My host, Jen, met me at the General Dealer which is the only store in the village and is about a five minute walk from her house. Jen is in the CCB (Community Capacity Building) program which is not the program that I’m in which is life skills, so some of the things that she does I won’t be doing, but it was all still cool to see. She works mainly in the clinic whereas I’ll be working mainly in the schools, but she also does some work with the primary school in the village. On Tuesday it was ARV day at the clinic which is when HIV-positive people who are on treatment come to get examined by the doctor and get a new set of medication. Jen sits with the doctor during all the appointments and fills out paperwork for ordering blood and other lab tests as well as scheduling patients for their next appointments. Patients who are having adherence issues are only given two weeks supply of medicine at a time so that the doctor can keep closer track of them to make sure they are adhering to their medication.  Adherence is a big issue because if patients don’t take their medicine or take it only sporadically, the virus will build up tolerance making the first-line drugs ineffective. This makes them more infectious to other people and causes them to have to switch to second-line treatment which is more expensive. The Government of Botswana provides free ARV treatment (with the help of PEPFAR which is a US program that provides monetary aid to African countries which makes ARVs more affordable) to HIV-positive people who qualify. In order to qualify patients have to wait for their CD4 count to drop to a certain level since there are too many HIV-positive people to put everyone on ARV treatment immediately. Anyway, when we got to the clinic on Tuesday morning there were a lot of people ranging in ages from 2 to 65 and everything in between waiting for their turn to see the doctor. Not everyone on treatment comes every Tuesday; patients are staggered so that the clinic isn’t overwhelmed on a given Tuesday. If a patient is adhering well they will be given a six-month supply of medication and only have to come in to the clinic twice a year. Some are given a three month supply, some one month, etc. Patients have to come to the clinic the week before they are scheduled to get medication to get blood drawn so tests can be done to track their CD4 count. This process can be inconvenient and time consuming for adult patients since they may have to travel far (the Semolale clinic serves 2 other surrounding villages as well) and might have to take off a full day of work. However, it’s especially harrowing for babies on treatment. When I was there, there was a 2-year-old who was just starting treatment and had to have blood drawn, but babies’ veins are too small to take blood from their arm so the doctor has to use the femoral artery which is in the upper thigh. The nurses had to hold the baby down so that the doctor could get enough blood. It was really painful to watch because the baby was screaming and crying and it really struck me how devastating HIV is. I had to walk away from the situation because I couldn’t fight the tears. It was so hard to see a child in pain like that and know that they have to go through something so terrible at no fault of their own.  It’s especially sad and frustrating because with the correct treatment mother to child transmission is highly preventable. PMTCT (prevention of mother to child transmission) therapy is also free for all HIV-positive pregnant women and is very effective if followed correctly in preventing the baby from being born HIV-positive. Yet, there are still babies being born with HIV. There are various reasons for this, but I think I would like to work on PMTCT as a secondary project when I get to site. Anyway, the rest of the day was spent with patients and was very interesting. I won’t be working daily at a clinic since I’m Life Skills, but I would like to at least spend some time at my local clinic.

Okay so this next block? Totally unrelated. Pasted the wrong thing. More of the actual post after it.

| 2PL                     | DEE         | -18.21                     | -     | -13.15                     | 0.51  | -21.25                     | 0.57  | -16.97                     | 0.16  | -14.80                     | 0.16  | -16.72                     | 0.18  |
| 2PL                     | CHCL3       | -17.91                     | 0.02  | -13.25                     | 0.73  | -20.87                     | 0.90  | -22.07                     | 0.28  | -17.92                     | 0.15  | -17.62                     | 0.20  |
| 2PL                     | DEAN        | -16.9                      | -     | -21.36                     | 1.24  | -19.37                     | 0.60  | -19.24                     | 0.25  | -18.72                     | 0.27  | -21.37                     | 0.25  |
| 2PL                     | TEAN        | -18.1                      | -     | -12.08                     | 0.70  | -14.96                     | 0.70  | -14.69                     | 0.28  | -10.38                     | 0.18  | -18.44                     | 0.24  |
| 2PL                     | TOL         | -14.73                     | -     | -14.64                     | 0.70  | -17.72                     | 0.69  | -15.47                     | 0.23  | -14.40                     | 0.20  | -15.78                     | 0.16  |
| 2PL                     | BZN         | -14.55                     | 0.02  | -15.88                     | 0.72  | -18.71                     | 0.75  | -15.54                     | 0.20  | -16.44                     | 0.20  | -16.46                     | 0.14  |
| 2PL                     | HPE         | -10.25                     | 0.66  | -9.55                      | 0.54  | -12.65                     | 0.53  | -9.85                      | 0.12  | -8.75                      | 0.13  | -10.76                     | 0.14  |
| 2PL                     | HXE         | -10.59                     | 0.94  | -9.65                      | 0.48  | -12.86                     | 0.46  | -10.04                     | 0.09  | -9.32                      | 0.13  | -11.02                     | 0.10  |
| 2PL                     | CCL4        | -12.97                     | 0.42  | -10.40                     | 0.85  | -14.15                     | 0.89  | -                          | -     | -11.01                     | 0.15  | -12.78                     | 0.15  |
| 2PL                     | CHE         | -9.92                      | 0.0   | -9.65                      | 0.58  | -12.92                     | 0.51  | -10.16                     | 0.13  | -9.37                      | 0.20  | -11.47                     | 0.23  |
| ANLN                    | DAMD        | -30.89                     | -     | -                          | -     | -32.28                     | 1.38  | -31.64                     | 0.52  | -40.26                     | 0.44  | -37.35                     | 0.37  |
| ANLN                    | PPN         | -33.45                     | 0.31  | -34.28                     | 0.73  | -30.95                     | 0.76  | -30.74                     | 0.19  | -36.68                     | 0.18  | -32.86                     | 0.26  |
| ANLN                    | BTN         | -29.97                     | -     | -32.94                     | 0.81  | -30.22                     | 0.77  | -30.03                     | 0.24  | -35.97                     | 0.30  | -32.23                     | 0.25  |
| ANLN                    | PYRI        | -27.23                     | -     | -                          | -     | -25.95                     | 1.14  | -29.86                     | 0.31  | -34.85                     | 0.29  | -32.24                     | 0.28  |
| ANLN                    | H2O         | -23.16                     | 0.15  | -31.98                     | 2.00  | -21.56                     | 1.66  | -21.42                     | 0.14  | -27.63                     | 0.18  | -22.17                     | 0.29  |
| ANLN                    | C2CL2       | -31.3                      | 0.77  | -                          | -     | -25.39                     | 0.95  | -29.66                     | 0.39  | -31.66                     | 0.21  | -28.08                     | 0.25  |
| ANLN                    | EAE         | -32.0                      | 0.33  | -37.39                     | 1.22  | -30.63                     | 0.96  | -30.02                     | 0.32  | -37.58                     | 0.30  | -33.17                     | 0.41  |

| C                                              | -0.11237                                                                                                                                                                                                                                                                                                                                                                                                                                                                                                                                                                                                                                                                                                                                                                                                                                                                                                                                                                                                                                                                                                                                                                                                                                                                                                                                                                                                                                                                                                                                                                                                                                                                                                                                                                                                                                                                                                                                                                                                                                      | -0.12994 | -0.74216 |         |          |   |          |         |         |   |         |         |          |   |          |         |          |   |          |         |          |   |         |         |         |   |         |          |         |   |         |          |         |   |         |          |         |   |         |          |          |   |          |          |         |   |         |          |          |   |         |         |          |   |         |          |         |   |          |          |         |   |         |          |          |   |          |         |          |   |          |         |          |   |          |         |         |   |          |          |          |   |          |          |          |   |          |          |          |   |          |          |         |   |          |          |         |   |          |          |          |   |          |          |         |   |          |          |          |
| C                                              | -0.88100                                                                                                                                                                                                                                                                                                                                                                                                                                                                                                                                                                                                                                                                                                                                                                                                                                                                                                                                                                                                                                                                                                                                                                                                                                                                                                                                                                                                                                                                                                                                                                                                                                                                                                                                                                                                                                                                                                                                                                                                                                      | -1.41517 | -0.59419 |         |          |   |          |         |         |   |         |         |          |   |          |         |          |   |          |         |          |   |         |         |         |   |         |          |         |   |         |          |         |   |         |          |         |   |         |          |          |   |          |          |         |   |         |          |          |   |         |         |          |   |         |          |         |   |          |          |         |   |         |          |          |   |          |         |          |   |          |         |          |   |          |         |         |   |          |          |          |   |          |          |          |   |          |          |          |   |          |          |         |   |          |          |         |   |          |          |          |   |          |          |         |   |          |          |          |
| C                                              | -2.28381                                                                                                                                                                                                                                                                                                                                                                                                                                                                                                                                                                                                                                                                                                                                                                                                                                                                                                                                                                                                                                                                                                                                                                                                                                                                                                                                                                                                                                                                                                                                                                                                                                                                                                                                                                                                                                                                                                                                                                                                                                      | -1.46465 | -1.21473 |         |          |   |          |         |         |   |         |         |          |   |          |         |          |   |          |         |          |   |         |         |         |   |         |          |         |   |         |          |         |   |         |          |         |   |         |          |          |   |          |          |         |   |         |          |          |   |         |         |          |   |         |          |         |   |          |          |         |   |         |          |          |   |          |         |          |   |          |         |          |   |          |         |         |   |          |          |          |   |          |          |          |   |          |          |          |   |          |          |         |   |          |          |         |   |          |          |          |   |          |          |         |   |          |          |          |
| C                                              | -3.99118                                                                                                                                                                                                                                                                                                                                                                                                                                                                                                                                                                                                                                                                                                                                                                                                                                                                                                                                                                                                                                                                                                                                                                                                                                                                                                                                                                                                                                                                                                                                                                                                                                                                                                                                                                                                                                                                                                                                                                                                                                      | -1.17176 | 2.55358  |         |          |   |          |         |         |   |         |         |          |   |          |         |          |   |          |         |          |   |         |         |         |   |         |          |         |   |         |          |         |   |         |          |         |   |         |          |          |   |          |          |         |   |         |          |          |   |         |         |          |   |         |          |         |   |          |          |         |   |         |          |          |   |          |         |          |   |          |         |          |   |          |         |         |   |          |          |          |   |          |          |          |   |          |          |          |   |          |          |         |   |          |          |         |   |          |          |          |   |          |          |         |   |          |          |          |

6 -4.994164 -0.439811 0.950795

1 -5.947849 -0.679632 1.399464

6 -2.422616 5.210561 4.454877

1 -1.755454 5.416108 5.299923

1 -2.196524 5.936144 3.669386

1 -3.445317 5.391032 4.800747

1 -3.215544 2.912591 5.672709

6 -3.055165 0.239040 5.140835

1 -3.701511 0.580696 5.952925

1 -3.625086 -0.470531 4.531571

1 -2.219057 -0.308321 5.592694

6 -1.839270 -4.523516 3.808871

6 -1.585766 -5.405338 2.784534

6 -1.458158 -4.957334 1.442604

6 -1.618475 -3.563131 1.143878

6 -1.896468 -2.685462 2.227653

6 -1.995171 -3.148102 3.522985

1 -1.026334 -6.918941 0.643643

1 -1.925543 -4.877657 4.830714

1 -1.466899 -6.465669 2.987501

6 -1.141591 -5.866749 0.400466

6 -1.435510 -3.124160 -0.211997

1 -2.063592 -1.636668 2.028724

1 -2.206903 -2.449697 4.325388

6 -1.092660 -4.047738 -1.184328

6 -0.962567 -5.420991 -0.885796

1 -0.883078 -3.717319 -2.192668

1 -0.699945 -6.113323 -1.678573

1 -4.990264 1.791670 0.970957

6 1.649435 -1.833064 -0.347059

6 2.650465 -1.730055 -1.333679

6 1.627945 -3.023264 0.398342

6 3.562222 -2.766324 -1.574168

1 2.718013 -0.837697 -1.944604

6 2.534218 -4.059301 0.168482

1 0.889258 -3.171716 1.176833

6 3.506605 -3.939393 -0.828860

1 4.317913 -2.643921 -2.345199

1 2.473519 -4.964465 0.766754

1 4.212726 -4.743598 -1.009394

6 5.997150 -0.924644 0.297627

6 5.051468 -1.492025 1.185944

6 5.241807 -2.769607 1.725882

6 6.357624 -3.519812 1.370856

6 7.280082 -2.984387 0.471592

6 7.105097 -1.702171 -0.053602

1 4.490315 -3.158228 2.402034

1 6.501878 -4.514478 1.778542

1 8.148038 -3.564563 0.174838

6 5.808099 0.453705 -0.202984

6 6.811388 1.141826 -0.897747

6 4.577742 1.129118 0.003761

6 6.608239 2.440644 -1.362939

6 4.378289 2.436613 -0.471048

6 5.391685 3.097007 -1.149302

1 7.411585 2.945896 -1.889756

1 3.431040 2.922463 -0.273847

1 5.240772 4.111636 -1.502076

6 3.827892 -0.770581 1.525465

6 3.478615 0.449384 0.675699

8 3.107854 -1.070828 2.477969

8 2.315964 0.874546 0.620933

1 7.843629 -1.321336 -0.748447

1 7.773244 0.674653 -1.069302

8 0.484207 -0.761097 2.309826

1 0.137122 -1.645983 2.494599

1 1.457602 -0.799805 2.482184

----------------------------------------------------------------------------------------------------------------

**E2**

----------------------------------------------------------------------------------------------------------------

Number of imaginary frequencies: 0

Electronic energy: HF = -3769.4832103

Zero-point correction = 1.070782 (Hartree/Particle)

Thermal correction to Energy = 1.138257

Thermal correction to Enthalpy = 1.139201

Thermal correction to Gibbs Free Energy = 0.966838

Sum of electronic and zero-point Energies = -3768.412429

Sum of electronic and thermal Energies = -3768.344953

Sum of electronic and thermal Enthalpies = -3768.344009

That night we ate tacos, yum! (If anyone is wondering what they can mail me, tortillas and taco seasoning are highly appreciated!)Other meals throughout the week included homemade Pizza, soya burgers, and pasta! The next day we spent some time at the clinic and that afternoon we went to the primary school and I sat in on a life skills lesson that Jen gave about transmission of HIV. It was helpful to see a lesson in an actual classroom of children since that’s what I will be doing. The lesson went well, although it is sometimes hard to tell whether they are absorbing the information or not. At the end of the week we conducted a focus group about youth opinions on the government and economy and about the US government which was part of my assignment for the shadowing week. It was hard to find people to attend because the required age ranges were either from 13-18 or 19-25 and since there is no secondary school in Semolale there aren’t many youth around. We managed to get together a group of 19-25 year olds, mostly special constables from the police station. We discussed their attitudes towards the government and what they saw as the biggest issues facing their community. We also talked about what they thought about the US which was really interesting because some words that came up were “heaven”, “everything”, “peace”, and “better life”. They were really shocked to find out that there are people living in the US that are homeless and that there are US citizens who are HIV-positive but can’t get on treatment because they can’t afford it.